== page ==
Leading Others Through Change – Mike Hill
Craig Groeschel delivers an absorbing opening session at the 2020 GLS.
Sketching the development curve of most organisations, he goes on to challenge leaders to “lead through the dip.”
His point? Any organisation that is in a low spot of their development curve needs the right kind of leadership.
It’s not difficult to see why this is a message for such a time as this. Covid 19 has impacted many organisations – some positively, many negatively.
When the pandemic does begin to recede and vaccinations are underway, many organisations, especially churches, are uncertain as to what impact this might create. Most agree that whatever normal looks like at that point, it will be better described as a “new normal.”
In his session, Craig helpfully addresses the fact that most organisations, not least churches, find the idea of change very difficult to process. And yet there are many kinds of change that most of us are clearly able to negotiate – marriage, job changes, leaving home, growing older, etc, etc.
So why does institutional change become such an issue for many groups?
Craig has a take on this that I have never heard so clearly articulated: “People don’t hate change – they hate the way we try to change them.”
You may have pushed back when someone has tried to change you in a way that you dislike. I think of the attempts of my parents to try and bring me under some kind of control! Or the marriages where the unspoken strategy is “if he/she changed things would be different around here!”
In the days when I was in local church ministry, I thought about change a lot. I tried to study the whole process – how to do it well and what to avoid. How might I get from A to B? How might I deal with opposition? How willing am I to be changed?
Here are a few things that I picked up along the way.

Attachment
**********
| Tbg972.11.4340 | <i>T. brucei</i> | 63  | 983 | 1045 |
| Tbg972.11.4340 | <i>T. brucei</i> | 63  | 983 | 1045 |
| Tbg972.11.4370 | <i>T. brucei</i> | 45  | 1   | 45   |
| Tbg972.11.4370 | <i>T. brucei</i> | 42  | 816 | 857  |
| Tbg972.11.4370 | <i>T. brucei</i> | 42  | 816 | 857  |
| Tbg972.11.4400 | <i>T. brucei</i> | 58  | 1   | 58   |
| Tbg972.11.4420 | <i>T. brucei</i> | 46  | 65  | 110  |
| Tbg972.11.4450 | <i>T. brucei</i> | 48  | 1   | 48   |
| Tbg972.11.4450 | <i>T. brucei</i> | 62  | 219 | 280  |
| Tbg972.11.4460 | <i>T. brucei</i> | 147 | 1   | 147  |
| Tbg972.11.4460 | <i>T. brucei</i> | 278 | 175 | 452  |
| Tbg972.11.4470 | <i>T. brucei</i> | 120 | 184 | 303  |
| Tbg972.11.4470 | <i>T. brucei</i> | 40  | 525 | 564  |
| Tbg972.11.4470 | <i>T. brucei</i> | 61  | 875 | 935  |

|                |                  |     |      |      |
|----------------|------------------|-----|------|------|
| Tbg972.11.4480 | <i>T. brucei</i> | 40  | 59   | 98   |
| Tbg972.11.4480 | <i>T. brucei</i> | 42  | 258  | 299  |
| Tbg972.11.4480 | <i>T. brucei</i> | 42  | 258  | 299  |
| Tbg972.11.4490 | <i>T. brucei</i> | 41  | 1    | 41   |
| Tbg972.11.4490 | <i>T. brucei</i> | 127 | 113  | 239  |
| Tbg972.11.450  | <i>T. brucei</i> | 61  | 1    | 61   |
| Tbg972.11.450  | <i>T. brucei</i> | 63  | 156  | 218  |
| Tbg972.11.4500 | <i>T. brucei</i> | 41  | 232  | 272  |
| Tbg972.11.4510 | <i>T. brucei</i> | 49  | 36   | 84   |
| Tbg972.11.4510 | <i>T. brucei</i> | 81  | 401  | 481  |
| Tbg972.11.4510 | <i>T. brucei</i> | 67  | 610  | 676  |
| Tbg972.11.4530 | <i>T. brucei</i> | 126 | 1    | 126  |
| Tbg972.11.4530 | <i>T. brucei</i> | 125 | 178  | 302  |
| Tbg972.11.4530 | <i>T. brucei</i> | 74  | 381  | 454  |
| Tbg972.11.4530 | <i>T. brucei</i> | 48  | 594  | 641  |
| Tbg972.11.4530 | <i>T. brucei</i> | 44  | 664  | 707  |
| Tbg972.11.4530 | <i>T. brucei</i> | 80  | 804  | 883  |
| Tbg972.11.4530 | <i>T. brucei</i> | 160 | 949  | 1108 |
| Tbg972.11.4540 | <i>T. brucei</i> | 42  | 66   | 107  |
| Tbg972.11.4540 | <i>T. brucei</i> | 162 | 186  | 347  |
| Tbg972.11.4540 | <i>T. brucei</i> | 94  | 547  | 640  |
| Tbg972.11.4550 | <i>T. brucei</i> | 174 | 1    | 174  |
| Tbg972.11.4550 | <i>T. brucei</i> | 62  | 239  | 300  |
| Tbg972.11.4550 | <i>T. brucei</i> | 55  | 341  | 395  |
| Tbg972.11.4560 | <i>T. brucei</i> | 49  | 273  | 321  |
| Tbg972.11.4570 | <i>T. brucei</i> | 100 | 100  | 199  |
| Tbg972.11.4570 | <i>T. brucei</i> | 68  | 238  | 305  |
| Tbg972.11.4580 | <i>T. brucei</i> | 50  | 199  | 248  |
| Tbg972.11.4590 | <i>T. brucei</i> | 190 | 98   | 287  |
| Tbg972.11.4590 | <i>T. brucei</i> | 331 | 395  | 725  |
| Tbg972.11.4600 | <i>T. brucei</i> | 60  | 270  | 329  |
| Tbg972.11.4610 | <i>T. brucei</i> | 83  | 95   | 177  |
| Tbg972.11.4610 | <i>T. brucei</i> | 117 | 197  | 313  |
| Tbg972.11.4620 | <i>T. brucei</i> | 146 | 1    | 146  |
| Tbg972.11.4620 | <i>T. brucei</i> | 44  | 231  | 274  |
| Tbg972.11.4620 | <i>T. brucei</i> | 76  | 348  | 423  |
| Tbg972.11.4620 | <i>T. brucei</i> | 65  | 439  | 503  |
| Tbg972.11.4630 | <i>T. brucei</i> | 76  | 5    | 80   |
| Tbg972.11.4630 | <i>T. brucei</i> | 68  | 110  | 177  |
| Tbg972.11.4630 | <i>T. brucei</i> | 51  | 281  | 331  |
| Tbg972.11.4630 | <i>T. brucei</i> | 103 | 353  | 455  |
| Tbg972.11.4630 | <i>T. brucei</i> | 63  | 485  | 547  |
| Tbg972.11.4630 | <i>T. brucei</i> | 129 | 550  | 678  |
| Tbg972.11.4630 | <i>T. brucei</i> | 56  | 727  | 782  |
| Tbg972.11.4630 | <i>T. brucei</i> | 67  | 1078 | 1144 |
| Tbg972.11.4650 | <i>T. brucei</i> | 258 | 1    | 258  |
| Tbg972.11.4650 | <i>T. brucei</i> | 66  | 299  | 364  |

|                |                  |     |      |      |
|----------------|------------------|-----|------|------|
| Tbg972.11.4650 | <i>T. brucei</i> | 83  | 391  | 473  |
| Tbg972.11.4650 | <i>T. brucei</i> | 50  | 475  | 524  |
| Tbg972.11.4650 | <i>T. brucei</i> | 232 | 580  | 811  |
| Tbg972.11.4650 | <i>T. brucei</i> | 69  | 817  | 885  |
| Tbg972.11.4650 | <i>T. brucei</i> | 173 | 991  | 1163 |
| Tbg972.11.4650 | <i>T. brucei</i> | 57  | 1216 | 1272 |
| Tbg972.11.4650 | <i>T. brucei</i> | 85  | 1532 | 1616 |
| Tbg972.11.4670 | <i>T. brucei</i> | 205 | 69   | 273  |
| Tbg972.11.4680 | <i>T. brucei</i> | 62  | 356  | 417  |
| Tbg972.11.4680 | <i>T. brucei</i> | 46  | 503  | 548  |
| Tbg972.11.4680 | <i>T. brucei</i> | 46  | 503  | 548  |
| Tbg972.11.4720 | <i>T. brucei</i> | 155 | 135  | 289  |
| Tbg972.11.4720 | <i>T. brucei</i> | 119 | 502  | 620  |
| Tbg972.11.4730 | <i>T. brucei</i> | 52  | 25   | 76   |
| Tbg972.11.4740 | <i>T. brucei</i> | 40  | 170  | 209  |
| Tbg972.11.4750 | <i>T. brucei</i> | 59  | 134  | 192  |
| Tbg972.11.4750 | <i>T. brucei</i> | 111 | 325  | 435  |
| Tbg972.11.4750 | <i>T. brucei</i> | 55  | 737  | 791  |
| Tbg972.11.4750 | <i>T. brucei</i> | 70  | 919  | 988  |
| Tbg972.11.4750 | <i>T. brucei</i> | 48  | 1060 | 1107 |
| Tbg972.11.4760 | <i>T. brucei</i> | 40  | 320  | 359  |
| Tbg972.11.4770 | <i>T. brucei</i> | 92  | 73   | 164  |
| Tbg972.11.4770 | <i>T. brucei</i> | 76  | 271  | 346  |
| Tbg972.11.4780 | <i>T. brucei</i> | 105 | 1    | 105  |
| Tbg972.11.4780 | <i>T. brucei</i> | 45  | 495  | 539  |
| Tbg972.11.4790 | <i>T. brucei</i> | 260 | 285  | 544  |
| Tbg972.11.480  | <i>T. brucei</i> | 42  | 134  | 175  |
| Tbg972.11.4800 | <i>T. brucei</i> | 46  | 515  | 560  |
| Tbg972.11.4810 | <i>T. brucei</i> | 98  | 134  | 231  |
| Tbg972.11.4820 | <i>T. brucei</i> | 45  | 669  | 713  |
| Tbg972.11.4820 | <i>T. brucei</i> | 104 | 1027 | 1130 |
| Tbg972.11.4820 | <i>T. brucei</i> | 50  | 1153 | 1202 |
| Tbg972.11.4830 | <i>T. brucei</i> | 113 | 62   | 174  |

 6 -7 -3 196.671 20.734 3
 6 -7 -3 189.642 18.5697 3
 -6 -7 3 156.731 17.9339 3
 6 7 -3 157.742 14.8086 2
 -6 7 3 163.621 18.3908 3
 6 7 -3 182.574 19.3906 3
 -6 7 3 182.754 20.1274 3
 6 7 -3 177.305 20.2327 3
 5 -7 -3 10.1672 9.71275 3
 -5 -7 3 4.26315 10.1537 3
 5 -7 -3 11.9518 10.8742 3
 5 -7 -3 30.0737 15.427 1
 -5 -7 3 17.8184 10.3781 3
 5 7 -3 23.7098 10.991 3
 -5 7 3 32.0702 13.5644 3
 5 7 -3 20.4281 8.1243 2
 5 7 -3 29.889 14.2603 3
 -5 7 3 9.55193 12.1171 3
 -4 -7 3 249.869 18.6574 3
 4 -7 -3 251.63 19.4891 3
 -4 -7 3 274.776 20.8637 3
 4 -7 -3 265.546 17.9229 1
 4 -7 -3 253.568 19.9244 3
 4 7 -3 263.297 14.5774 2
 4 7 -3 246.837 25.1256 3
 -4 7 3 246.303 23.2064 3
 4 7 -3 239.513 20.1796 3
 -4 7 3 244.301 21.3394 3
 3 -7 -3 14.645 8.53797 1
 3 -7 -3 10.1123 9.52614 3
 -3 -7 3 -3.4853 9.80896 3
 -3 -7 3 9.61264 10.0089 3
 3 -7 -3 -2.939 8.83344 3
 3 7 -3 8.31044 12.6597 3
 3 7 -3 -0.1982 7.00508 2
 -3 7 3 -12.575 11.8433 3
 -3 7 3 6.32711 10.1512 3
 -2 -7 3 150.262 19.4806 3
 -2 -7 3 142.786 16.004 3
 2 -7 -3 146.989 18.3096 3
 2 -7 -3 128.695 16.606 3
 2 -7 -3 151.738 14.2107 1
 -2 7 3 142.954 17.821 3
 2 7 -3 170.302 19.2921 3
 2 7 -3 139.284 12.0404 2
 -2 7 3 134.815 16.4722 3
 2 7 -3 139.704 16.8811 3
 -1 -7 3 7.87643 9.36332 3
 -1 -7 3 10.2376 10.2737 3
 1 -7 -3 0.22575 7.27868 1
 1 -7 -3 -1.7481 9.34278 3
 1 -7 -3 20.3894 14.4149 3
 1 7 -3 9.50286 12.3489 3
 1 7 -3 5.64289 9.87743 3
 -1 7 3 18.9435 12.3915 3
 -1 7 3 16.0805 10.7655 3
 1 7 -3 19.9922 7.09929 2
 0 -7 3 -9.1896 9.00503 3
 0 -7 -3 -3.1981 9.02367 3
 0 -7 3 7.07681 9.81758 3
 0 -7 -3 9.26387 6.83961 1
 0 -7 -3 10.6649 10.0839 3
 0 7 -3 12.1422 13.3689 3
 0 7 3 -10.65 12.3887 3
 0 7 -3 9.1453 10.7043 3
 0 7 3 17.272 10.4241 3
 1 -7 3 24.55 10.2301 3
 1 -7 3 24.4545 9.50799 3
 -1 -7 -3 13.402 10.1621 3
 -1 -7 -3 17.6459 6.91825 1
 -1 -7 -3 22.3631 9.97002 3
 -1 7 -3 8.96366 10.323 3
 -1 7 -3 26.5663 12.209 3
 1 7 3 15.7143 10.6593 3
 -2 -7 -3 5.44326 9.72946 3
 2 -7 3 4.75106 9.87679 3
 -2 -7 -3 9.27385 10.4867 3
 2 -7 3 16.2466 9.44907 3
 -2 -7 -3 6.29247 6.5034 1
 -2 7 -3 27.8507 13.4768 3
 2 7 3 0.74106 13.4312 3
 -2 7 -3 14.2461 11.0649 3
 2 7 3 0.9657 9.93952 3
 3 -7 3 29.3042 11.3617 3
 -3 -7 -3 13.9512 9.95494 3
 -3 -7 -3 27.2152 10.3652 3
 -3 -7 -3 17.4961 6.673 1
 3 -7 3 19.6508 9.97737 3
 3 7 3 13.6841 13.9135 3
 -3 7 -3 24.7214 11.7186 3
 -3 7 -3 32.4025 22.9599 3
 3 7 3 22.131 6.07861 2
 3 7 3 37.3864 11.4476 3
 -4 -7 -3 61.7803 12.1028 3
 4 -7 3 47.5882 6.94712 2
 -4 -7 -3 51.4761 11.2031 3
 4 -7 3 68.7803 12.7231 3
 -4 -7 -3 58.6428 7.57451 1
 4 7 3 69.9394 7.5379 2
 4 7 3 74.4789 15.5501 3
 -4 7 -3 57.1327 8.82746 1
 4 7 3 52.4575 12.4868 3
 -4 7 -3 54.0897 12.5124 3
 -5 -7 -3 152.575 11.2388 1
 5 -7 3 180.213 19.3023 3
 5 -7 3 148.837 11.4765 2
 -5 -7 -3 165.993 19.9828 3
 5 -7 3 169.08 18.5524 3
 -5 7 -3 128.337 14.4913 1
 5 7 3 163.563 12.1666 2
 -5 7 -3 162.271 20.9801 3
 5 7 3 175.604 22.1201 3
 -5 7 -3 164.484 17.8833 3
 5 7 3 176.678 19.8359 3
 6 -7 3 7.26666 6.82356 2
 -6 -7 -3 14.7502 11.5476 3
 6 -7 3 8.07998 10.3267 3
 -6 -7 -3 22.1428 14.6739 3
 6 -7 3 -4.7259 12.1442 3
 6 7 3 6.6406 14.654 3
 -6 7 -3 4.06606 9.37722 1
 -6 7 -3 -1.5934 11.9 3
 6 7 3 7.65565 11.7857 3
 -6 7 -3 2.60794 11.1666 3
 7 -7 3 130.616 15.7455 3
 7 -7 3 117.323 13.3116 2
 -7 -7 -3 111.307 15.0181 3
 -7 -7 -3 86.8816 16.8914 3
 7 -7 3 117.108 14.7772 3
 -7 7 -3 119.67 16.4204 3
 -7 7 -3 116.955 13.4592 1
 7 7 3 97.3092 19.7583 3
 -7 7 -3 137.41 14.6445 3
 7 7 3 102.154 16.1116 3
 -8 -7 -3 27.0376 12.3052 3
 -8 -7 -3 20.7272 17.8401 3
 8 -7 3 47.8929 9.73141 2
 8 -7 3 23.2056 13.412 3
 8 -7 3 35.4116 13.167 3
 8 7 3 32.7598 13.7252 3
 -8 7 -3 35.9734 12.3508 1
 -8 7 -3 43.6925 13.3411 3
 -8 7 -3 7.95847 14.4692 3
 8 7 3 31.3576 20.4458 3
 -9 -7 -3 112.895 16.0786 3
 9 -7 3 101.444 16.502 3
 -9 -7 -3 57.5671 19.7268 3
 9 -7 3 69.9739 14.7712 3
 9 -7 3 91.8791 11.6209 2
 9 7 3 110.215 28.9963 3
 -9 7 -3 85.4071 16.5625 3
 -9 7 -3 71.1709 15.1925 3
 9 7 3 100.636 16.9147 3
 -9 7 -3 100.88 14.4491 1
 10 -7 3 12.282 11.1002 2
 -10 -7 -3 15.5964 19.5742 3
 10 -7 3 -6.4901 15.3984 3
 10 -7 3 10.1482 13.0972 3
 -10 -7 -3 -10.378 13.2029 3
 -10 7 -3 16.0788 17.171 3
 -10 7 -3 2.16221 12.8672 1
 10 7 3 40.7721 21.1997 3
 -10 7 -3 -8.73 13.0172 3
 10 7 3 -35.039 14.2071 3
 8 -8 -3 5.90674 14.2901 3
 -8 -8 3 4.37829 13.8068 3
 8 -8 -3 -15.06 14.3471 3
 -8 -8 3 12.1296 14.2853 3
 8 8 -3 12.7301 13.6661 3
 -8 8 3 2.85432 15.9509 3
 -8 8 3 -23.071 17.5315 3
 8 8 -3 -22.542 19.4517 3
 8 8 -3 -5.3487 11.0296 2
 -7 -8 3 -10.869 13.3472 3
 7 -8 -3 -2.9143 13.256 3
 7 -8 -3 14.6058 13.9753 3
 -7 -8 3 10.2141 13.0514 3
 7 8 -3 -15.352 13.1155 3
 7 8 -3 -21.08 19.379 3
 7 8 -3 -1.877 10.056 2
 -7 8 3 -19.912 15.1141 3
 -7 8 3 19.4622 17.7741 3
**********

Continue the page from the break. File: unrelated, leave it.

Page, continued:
- Build trust. People will find it much easier to risk change if they trust in you and, by implication, trust your leadership attempts.
- Spend time explaining why the change is necessary. Sometimes simply projecting the outcomes of guarding the status quo can be enough. The seductive lie is that “no change means no change”. Staying as you are can quickly become a symptom of atrophy.
- Guard values. You can change many things but I would caution against changing core beliefs (values).
- Gain alignment. Build your team with people who are culturally aligned with what you want to do and also the way that you want to achieve it.
- Listen to critics. I don’t believe there are any organisational changes that can be made without opposition. Listen to people who are against your plans. They can sometimes make them better!
- Communicate consistently. Constantly clarify why you are doing what you are doing.
- Invest energy and money in the process of change. I well recall taking some critics in the church minibus to see a contemporary service (that they thought they hated!) in another church. Their eyes were opened (at least a bit).
- Celebrate – each and every breakthrough along the way.
These are just some things to think about. Do get to the GLS and hear Craig. Trust me, there is a lot more for you to hear!
You can register now for our January sessions, why not Book Now
We would love to see you there and are confident that this is the best value leadership learning around. It will equip, inspire, and encourage you.
Don’t miss it!
With grateful thanks for reading this and for what you are achieving.
GLN UK/IRE Church and External Relations Co-ordinator